Friday, 11 November 2011

Bad habits

There’s a hilarious joke that all psychology students are told in their first lecture. What’s the difference between a psychologist and a magician? One pulls rabbits from a hat, the other pulls habits from a rat. See, I said it was hilarious. In fact psychology is full of jokes. Just think of anything ever said, written, thought or published by Freud or Jung. Hilarious, pseudoscientific, implausible and non-falsifiable nonsense.

But habits are one of the things psychologists think about a lot. During my own, mercifully brief time in a Psychological Medicine Department one of our key tasks was to teach people ways of overcoming the psychologically dangerous habits they’d developed. Habits like anxiety attacks, phobic reactions to certain situations or generally just being pathetic.

Not all habits are psychologically damaging though. Some are just traditions or patterns of behaviour that we can’t imagine being different. I can’t imagine choosing to buy a computer that isn’t an Apple or flying with an airline other than Virgin Atlantic (when I have the choice). It might be the same with your choice of bank, shoe shop or restaurant.

Sometimes habits can be more dangerous than just being a bit conservative and avoiding new experiences. Sometimes they can pose a serious risk. Being overly trusting can be a habit. It can be such a habit that it’s impossible to distinguish it from gullibility.

It’s often easy to think the victims of scams are just plain gullible, certainly after they’ve fallen for it. Of course it’s more complicated than that. Successful scammers spend a LONG time cultivating their victims, waiting a bit longer for a higher return.

A reader got in touch last week saying:
“I am expecting a parcel from the UK and it looks like the parcel has money in it and it is now stuck in Malaysia. They charged me for money laundering and I have paid the charge now they want me to pay for insurance and tax. I would like you to investigate for me because they sent me the charges and they did not say anything about tax and insurance.”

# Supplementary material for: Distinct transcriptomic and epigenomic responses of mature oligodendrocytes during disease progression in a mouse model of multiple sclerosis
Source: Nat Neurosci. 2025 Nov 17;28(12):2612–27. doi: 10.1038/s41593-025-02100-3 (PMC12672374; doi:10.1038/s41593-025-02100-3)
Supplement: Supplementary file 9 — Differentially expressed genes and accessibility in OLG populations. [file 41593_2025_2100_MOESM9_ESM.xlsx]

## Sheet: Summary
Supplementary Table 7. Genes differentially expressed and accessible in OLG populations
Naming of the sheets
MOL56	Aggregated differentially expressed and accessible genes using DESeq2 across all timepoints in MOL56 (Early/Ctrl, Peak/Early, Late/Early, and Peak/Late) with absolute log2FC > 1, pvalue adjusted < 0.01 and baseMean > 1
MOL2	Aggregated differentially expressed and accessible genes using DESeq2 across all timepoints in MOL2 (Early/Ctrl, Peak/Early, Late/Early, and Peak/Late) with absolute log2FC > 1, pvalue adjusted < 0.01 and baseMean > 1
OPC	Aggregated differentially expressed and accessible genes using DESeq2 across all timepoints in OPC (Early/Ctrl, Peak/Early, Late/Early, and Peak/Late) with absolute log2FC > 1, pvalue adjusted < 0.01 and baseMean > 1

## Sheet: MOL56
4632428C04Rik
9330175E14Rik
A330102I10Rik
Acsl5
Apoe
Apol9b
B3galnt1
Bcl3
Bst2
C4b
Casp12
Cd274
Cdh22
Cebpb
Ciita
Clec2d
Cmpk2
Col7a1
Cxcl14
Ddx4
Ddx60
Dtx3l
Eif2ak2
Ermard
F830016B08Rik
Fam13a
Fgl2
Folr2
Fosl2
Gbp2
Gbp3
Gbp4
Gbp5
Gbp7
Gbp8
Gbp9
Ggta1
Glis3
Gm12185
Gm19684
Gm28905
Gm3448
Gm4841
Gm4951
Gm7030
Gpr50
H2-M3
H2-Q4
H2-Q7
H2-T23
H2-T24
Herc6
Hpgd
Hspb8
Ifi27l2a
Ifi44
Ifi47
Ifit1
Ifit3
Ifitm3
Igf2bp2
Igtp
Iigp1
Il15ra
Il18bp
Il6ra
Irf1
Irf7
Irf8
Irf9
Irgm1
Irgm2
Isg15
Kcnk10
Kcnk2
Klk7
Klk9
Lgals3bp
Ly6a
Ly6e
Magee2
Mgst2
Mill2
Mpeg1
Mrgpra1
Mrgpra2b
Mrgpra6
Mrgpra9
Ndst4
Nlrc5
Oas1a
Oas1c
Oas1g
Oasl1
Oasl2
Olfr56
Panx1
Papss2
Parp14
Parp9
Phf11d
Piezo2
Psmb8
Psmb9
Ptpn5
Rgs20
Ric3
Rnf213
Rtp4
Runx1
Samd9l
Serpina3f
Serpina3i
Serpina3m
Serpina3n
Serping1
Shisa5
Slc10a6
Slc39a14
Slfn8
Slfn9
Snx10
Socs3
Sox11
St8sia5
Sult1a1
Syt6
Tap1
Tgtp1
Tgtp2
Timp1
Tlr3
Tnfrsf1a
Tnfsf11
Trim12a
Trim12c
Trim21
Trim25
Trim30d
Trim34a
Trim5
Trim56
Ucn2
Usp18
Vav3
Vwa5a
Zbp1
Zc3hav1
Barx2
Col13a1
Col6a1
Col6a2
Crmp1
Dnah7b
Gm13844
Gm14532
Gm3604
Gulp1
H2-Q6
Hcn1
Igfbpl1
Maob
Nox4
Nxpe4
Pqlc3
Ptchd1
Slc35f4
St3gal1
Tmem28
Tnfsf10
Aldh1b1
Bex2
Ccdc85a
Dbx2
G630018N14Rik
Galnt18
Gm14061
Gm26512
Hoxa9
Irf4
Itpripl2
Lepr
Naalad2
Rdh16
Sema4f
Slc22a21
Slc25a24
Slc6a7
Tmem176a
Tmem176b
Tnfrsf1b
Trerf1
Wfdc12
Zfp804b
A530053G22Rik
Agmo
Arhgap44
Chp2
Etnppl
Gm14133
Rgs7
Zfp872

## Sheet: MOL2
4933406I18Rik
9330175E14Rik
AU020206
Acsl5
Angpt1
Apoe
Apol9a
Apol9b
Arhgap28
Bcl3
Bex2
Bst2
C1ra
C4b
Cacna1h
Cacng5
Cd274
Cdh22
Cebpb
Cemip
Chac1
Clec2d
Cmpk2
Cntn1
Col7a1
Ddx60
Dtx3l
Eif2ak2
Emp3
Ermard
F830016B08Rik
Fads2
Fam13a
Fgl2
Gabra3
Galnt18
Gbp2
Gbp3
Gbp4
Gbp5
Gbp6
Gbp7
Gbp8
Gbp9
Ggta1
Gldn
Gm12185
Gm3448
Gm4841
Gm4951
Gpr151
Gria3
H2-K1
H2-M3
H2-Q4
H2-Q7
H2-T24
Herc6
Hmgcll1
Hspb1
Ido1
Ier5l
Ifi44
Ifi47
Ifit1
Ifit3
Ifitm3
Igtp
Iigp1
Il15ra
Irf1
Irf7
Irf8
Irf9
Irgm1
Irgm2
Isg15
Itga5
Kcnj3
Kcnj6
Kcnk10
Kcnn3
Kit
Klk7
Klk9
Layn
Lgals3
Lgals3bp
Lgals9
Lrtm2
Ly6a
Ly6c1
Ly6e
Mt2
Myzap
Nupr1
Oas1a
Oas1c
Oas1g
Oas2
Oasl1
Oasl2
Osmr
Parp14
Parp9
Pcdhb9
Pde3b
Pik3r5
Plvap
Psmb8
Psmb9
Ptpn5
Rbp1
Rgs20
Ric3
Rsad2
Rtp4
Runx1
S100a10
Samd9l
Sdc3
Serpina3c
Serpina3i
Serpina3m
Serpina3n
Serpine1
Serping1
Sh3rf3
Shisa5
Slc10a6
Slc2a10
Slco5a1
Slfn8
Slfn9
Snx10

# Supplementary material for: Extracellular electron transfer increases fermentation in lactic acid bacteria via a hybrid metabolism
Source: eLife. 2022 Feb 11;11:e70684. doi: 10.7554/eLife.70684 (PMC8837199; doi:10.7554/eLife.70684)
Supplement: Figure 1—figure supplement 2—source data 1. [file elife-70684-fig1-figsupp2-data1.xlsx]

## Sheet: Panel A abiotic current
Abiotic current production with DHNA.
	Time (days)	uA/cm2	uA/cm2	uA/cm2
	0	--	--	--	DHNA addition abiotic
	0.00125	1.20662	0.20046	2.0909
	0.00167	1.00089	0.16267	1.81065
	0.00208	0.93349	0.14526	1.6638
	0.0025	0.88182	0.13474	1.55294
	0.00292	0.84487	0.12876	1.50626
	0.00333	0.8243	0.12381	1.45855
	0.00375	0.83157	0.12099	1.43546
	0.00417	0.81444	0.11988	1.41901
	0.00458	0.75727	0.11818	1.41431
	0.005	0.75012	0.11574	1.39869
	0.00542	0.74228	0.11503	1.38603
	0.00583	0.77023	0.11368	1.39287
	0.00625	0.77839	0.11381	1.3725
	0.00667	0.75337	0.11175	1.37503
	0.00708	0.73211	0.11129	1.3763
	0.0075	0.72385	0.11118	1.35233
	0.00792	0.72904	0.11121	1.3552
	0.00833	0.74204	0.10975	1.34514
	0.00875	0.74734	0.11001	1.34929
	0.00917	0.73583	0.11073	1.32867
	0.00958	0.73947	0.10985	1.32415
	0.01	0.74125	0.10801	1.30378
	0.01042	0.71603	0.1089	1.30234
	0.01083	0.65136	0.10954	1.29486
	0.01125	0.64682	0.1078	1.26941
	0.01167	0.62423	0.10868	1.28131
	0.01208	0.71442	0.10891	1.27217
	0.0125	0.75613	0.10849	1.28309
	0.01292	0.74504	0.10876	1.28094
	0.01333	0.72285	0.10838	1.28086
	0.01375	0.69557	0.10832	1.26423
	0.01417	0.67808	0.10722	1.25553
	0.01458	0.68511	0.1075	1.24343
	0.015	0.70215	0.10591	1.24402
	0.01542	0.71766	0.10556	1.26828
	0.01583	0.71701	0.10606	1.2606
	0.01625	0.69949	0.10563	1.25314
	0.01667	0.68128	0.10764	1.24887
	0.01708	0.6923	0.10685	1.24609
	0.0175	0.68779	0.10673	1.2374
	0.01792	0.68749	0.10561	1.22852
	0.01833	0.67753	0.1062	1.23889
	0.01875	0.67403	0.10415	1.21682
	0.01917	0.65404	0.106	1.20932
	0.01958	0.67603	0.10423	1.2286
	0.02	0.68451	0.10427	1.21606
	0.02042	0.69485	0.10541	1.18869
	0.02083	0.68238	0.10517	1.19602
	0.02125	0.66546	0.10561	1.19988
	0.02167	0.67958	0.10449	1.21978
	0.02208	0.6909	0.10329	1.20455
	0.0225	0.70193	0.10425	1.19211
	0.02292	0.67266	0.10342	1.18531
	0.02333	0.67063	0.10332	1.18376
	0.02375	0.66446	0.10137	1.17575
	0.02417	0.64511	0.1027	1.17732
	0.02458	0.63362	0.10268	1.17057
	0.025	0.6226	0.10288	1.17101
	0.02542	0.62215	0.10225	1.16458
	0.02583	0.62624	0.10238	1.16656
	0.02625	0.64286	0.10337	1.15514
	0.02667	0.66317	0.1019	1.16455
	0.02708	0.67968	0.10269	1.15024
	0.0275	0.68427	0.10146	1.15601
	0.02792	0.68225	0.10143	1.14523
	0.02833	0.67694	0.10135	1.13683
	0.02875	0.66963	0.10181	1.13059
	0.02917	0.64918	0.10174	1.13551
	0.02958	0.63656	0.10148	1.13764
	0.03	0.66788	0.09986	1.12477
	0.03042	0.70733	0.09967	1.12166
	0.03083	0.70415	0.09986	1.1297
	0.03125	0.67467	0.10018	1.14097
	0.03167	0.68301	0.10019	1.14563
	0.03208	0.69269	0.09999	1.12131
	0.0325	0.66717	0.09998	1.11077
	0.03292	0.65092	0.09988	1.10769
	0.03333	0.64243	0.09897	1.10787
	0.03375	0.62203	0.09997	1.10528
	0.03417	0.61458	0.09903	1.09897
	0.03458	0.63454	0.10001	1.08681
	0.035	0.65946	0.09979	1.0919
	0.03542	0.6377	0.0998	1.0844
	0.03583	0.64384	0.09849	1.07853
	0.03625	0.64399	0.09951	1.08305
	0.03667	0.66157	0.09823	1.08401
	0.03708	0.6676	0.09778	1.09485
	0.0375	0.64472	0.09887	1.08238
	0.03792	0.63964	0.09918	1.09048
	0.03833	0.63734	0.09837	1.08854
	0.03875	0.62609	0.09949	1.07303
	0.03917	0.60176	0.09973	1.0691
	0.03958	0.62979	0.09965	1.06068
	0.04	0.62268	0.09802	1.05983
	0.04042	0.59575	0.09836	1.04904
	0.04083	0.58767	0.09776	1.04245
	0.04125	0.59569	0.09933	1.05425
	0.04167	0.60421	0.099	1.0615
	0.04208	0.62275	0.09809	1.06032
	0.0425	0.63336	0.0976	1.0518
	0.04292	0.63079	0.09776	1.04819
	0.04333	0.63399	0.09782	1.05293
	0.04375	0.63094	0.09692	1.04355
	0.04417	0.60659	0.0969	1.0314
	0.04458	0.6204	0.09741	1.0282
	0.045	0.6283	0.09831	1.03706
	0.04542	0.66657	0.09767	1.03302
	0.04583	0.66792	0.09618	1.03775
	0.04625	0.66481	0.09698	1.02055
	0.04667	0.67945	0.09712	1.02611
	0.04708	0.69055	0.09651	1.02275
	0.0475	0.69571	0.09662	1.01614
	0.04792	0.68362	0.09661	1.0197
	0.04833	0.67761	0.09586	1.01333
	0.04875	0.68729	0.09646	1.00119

Can you smell a scam? I haven’t been told the whole story yet but I know what’s going on here. This reader is the victim of a romantic scam. Over a few months she was electronically seduced by someone claiming to be in the UK (but no doubt actually in West Africa). She probably met him either on Facebook or a dating site and he gradually ingratiated himself and, on her side at least, love blossomed. Of course he was probably doing this to dozens of other women around the world at the same time. He would have copied and pasted his expressions of love from one email to another making a production line of fake romance. He also would have copied the promise to courier a package of gifts to her. This fake package included a “set of daimond ring, 1 London Suit, 2 sets of silver jewelries, 3 perfume, 2 Rolex wrist watches, digital camera, Black Berry phone and photos”.

Our victim’s only crime is gullibility, the habit of believing things that are too good to be true. The tragedy in this case is that she was gullible enough to believe the email she received saying that the package had been stopped in Malaysia and that she had been “charged” by the Malaysian authorities for “money laundering”. She was gullible enough to pay them over P8,000 for the fictitious fine they were imposing.

Although there is no chance she’ll ever get her money back I hope that her habit of believing strange things has been broken.

Scams aren’t the only risk that bad habits can provide. What about having the contents of you bank accounts stolen?

I know of a major bank that allows you to view and change your credit and debit card PIN numbers online, via the internet. Any IT people will know that it’s pretty easy to install what they call a “keylogger” on someone’s PC that tracks every key you press and then sends the history to another computer. In theory they could see your new PIN number from this log of keystrokes. However this bank has thought of that and you also need to get a special message to your cellphone to confirm it’s really you logging on. It’s probably fairly secure.

What worries me more than this is the habit that this might create. If you and I get into the habit of entering details as sensitive as our ATM PIN numbers on web sites where else might we feel comfortable entering them?

Over the last couple of years I’ve seen a number of increasingly high quality “phishing” emails. These claim to be from your bank and usually alert you to a security breach in your account somewhere. They link to a web sites that looks exactly like your bank’s web site but in fact is hosted somewhere else. The web page asks for your basic Internet banking username and password but often also asks for your ATM PIN. Of course as soon as you enter all these details they disappear into a database owned by organized crime. If you’ve entered correct logon details you can assume that within moments the crooks will have logged on to your bank and stolen your money.

My concern is the habit of trusting things on the Internet. If your bank encourages you to enter things as sensitive as PINs, aren’t you more likely to trust a phishing site? While I’m a big believer in how the Internet can improve things it’s also the most untrustworthy thing I’ve ever encountered.

We need to get into the habit of not trusting the Internet unless we have a very good reason to do so.

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